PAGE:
Suspense and My Dog: A Lesson

Today makes four weeks since I adopted Luna. How’s it going? Has the dog adjusted? Better yet, have I? Was she a writing distraction?

All’s good, and the writing, no problema. I wrote about 75 pages in the past four weeks. I was eager to finish my first draft, true, but I’d also like to suggest a positive correlation between dog ownership and my writing output:

1. Boundaries: I suggest that having a canine boundary helps me manage my time and increase my efficiency. Luna forces my hand in the mornings, that’s for sure. Doesn’t matter that she goes back to sleep ten minutes later, she still jumps on the bed at a reasonably early (but not too early) hour.

2. Empty-brain time: My dog, she’s not sporty, not with her six-inch legs and lone eye. On walks, I slow way down and accept the trees and the sky and the screeing hawks as entertainment. In other words, I live in the moment. I suggest that this has helped my creativity.

And, last but not least:

3. Lessons in suspense: Luna and I play a game in which I tease her with my hands under a blanket. She goes after my hands with much growling (positively ferocious) and digging around and tail-wagging.

I suggest that the art of fictional suspense resembles the art of making a dog go wild with anticipation: judicious use of suspenseful pauses. In the blanket game, I freeze and Luna responds with paroxisms of spazziness. Remember being tickled as a child? It’s like that: When are the hands going to move? Where will they land? What the heck will happen next?

It struck me that novelistic suspense relies on the same type of tension. We see this all the time. Just when we’re getting somewhere, a scene ends, leaving us hanging while we move into the point of view of a different character. The old cliffhanger method as seen in many a thriller.

But not every novel is a thriller. Suspenseful pauses can function on subtle levels too. What I’m suggesting is that quiet moments can also add to overall suspense. Maybe these are character development scenes or set-up scenes for future action — these scenes must have a purpose, but not every scene must hurdle the reader around a loop-di-loop.

Quiet scenes can introduce complications, raise ancillary questions, spotlight inconsistencies in our characters, further subplots. They, in fact, can support the main story arc with underlying layers of unanswered questions, some to be answered sooner (will Biff call Buffy like he promised?), some to be answered later (why is Biff acting like such a jerk anyhow?). Unanswered questions raise suspense.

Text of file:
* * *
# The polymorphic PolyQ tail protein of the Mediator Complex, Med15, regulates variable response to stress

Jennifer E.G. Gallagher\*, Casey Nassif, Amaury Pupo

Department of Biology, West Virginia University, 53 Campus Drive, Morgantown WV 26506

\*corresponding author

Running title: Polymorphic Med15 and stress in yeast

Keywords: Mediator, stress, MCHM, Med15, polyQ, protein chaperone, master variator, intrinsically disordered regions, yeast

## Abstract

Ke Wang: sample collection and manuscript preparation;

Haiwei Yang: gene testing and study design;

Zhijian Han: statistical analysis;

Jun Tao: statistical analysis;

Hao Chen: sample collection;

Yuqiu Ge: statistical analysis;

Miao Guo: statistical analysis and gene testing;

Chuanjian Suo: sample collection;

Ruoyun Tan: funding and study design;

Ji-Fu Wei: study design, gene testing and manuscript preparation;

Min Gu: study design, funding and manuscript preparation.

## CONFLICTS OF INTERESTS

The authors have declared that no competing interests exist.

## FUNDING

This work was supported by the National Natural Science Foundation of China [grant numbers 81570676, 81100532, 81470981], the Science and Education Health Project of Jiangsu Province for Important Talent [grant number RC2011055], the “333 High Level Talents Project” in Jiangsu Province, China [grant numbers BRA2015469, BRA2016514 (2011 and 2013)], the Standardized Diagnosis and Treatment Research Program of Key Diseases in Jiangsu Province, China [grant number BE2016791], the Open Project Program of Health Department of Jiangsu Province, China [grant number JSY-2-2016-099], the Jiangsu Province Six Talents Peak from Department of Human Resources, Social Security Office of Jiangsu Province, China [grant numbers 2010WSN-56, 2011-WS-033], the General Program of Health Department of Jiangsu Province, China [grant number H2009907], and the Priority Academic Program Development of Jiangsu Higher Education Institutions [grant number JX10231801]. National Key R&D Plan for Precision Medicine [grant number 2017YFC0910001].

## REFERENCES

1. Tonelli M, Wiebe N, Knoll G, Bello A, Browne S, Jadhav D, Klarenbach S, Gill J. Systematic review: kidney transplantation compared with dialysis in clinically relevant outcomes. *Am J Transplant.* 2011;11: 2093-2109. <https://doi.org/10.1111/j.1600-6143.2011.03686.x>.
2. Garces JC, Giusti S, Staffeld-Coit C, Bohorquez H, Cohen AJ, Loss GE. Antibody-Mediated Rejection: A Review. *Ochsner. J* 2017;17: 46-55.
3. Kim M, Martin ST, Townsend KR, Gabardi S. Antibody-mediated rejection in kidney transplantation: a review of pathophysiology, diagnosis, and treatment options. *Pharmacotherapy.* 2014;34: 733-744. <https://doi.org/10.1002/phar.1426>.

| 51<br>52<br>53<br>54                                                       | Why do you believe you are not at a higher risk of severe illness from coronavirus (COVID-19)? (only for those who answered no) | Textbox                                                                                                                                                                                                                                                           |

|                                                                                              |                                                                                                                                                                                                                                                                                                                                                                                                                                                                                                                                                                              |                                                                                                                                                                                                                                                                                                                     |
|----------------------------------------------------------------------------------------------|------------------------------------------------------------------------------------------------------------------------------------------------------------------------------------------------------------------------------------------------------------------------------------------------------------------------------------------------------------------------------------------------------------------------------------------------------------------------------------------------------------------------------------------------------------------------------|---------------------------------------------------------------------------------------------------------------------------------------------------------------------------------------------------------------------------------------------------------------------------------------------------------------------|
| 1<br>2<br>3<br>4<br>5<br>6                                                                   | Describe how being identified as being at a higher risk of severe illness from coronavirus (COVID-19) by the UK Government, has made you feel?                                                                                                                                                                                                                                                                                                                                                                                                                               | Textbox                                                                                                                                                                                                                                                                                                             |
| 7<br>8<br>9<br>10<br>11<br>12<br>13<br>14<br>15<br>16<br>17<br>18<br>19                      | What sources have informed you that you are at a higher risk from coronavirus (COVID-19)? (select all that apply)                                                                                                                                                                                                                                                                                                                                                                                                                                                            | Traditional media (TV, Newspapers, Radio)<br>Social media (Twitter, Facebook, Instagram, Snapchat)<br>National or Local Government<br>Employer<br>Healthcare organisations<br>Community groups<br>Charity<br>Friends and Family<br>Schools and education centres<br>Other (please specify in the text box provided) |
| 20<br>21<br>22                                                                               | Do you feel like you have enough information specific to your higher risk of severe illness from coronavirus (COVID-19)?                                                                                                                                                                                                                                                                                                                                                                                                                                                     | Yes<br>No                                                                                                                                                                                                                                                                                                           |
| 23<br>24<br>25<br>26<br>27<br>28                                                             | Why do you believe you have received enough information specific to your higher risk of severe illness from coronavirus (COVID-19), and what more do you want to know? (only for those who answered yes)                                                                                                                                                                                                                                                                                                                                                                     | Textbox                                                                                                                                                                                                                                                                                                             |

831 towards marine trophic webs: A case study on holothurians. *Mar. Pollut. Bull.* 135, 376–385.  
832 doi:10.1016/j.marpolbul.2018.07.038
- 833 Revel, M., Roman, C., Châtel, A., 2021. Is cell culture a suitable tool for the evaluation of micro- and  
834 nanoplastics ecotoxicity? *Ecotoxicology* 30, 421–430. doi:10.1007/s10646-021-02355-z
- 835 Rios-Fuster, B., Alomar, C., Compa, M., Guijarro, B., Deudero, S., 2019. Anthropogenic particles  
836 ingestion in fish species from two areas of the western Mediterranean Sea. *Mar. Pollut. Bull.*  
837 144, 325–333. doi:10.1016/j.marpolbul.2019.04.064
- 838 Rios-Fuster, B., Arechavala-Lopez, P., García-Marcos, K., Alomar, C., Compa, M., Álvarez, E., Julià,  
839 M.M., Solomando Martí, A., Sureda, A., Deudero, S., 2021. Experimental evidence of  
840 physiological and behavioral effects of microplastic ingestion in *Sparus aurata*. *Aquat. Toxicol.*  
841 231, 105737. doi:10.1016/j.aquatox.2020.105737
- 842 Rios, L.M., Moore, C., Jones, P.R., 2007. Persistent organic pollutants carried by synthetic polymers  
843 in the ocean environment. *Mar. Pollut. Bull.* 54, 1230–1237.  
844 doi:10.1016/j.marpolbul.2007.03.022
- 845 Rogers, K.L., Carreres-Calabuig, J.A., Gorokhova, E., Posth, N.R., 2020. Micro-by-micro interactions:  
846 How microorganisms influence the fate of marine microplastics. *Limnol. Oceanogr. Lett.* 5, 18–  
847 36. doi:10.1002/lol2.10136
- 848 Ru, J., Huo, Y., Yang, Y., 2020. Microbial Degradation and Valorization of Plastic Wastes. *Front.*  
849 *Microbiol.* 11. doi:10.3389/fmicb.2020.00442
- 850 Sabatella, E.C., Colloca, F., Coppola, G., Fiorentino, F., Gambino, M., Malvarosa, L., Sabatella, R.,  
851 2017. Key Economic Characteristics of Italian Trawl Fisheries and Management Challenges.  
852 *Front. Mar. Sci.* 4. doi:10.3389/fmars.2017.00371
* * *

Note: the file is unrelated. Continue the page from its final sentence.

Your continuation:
I suggest that what appears to be a cessation of suspenseful movement, isn’t (in the hands of an adept novelist). I’m no expert, of course, because I’m still learning how to handle suspense myself. I simply suggest that what I’ve pondered here, is indeed, worth pondering.

And, if Luna is any indication, anticipation never gets old.

0 comments on “Suspense and My Dog: A Lesson

  • Yes, yes, I’m late to the dance. Truth be told I haven’t much time to read the blog, but what a catch up it was. Lisa, a dog person? Really? Well, if it suits you then that’s all there is. I am glad you are well and miss your banter. THE END.

  • Yo, Yoyoyo! Drop in more often! I was just thinking of you and the fam because Dallas will be in town soon.

    And, yes, doggy — I was always a dog person though. I just humored you your crankiness about the beags! 🙂 Actually. it is a bit mindboggling…

  • How clever of you to relate the canine games to your novel writing. I’ll have to pay closer attention to my dog’s favorite games and see what truth’s they have in store for me!

  • Hello, again…it was nice to see you (and Luna) at the grocery store and to hear about your novel, especially the part where you got to type “The End”.

    It’s great to hear that things are going well and that you are happy–especially with your new canine relationship.

    I’ve heard that “blogging” and the “internet” are going to be REALLY big, so I’ll drop in again soon to see how things are going!

    BTW, isn’t #2 (empty-brain time) also known to men as NFL Football Season?


  • Great seeing you, too, Theron! I’m doing a-okay these days and seems like you are, too. Definitely, drop in anytime!

    NFL football? What’s that? Say the words and my brain goes empty, that’s for sure. But not in a creative way. More like in a yaaaawn, booooring way.


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